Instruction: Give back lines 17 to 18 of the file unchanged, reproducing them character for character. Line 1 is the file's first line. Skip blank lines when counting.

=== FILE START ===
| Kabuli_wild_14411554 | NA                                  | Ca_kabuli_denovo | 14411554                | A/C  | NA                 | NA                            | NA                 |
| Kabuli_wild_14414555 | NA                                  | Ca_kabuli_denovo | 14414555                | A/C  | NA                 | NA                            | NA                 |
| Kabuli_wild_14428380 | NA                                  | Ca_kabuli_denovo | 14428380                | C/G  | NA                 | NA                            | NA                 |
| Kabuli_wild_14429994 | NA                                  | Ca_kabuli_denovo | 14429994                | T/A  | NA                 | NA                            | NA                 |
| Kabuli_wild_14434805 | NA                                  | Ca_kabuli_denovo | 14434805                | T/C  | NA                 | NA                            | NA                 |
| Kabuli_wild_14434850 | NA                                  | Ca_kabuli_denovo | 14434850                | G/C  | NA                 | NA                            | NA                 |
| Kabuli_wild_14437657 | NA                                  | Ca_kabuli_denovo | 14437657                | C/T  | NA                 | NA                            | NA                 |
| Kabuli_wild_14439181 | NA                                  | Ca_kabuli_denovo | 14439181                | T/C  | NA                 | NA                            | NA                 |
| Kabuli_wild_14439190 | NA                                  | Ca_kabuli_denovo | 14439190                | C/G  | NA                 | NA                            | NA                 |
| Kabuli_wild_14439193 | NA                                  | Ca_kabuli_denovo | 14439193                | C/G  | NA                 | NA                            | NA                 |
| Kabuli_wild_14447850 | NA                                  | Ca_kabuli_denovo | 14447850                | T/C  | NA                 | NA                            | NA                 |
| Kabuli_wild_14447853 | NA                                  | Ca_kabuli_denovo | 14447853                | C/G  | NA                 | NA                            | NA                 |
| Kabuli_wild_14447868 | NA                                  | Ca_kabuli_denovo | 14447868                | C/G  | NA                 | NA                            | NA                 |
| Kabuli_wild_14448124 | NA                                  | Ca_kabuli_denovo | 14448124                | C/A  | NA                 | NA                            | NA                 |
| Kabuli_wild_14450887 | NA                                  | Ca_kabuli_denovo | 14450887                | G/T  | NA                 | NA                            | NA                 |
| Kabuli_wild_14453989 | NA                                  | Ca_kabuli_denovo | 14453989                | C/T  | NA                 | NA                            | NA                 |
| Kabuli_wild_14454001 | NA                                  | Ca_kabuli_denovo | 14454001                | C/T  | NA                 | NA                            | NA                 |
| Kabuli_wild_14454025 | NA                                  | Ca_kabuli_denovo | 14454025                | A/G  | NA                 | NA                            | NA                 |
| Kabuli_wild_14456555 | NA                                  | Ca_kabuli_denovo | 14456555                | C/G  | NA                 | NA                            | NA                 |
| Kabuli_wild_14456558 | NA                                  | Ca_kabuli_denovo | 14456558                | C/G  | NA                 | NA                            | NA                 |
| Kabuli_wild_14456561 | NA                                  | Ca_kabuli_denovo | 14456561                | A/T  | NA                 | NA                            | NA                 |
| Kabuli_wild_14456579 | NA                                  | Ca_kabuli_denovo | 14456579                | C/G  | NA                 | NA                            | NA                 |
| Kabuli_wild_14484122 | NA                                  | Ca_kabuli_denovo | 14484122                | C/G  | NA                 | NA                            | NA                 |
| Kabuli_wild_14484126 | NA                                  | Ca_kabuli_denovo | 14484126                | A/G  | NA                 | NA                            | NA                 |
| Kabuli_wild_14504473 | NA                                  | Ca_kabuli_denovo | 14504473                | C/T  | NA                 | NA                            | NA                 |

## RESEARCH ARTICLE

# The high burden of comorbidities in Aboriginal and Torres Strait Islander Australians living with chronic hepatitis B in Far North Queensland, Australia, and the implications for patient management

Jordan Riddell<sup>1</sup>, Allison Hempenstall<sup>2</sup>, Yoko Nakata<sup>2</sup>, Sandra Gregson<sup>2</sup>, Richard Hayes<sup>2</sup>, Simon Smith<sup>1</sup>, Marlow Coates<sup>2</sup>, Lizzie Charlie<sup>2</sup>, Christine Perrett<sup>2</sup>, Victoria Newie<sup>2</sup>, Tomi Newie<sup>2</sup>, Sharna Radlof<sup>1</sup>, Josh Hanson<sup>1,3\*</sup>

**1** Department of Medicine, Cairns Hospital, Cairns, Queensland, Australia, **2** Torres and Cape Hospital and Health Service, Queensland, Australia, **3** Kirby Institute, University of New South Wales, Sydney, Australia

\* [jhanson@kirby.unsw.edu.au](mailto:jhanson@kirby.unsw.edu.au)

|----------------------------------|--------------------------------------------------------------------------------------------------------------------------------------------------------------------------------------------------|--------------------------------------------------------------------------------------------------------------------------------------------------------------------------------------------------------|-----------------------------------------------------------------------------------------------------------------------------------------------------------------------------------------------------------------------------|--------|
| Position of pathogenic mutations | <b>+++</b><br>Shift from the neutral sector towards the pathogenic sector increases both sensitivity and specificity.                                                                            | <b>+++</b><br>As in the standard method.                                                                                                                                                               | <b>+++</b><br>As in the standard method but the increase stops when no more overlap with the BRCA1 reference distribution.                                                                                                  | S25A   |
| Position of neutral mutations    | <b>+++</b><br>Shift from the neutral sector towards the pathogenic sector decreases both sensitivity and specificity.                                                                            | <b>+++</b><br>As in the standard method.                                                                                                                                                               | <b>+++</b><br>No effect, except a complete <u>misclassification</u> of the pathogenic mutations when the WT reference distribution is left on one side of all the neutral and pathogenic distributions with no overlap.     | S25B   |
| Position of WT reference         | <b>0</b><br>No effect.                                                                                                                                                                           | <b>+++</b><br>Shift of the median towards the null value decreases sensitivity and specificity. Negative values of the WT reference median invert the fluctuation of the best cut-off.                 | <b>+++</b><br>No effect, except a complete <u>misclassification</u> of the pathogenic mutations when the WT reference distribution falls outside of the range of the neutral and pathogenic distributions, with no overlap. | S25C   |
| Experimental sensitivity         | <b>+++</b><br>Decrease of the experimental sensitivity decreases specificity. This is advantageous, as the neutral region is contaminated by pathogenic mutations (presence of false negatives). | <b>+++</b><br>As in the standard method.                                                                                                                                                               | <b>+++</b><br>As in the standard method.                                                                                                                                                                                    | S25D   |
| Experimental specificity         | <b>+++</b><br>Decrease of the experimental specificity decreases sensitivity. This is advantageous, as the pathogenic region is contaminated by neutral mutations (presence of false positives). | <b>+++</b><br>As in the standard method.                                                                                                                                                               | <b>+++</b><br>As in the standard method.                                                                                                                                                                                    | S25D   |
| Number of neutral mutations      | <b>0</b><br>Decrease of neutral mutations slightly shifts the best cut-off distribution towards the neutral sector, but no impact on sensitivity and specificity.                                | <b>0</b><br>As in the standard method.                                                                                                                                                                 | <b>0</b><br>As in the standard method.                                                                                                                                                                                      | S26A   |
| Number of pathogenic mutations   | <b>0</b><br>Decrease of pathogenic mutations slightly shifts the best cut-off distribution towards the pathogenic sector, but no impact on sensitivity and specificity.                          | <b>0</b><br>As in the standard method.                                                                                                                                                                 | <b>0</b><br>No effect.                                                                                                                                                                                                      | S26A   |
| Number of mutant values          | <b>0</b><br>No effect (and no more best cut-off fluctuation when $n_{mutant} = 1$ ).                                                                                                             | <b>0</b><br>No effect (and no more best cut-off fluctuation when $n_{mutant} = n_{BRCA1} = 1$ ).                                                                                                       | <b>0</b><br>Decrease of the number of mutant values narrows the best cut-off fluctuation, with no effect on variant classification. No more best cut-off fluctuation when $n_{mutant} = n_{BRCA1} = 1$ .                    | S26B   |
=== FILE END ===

| Kabuli_wild_14454001 | NA                                  | Ca_kabuli_denovo | 14454001                | C/T  | NA                 | NA                            | NA                 |
| Kabuli_wild_14454025 | NA                                  | Ca_kabuli_denovo | 14454025                | A/G  | NA                 | NA                            | NA                 |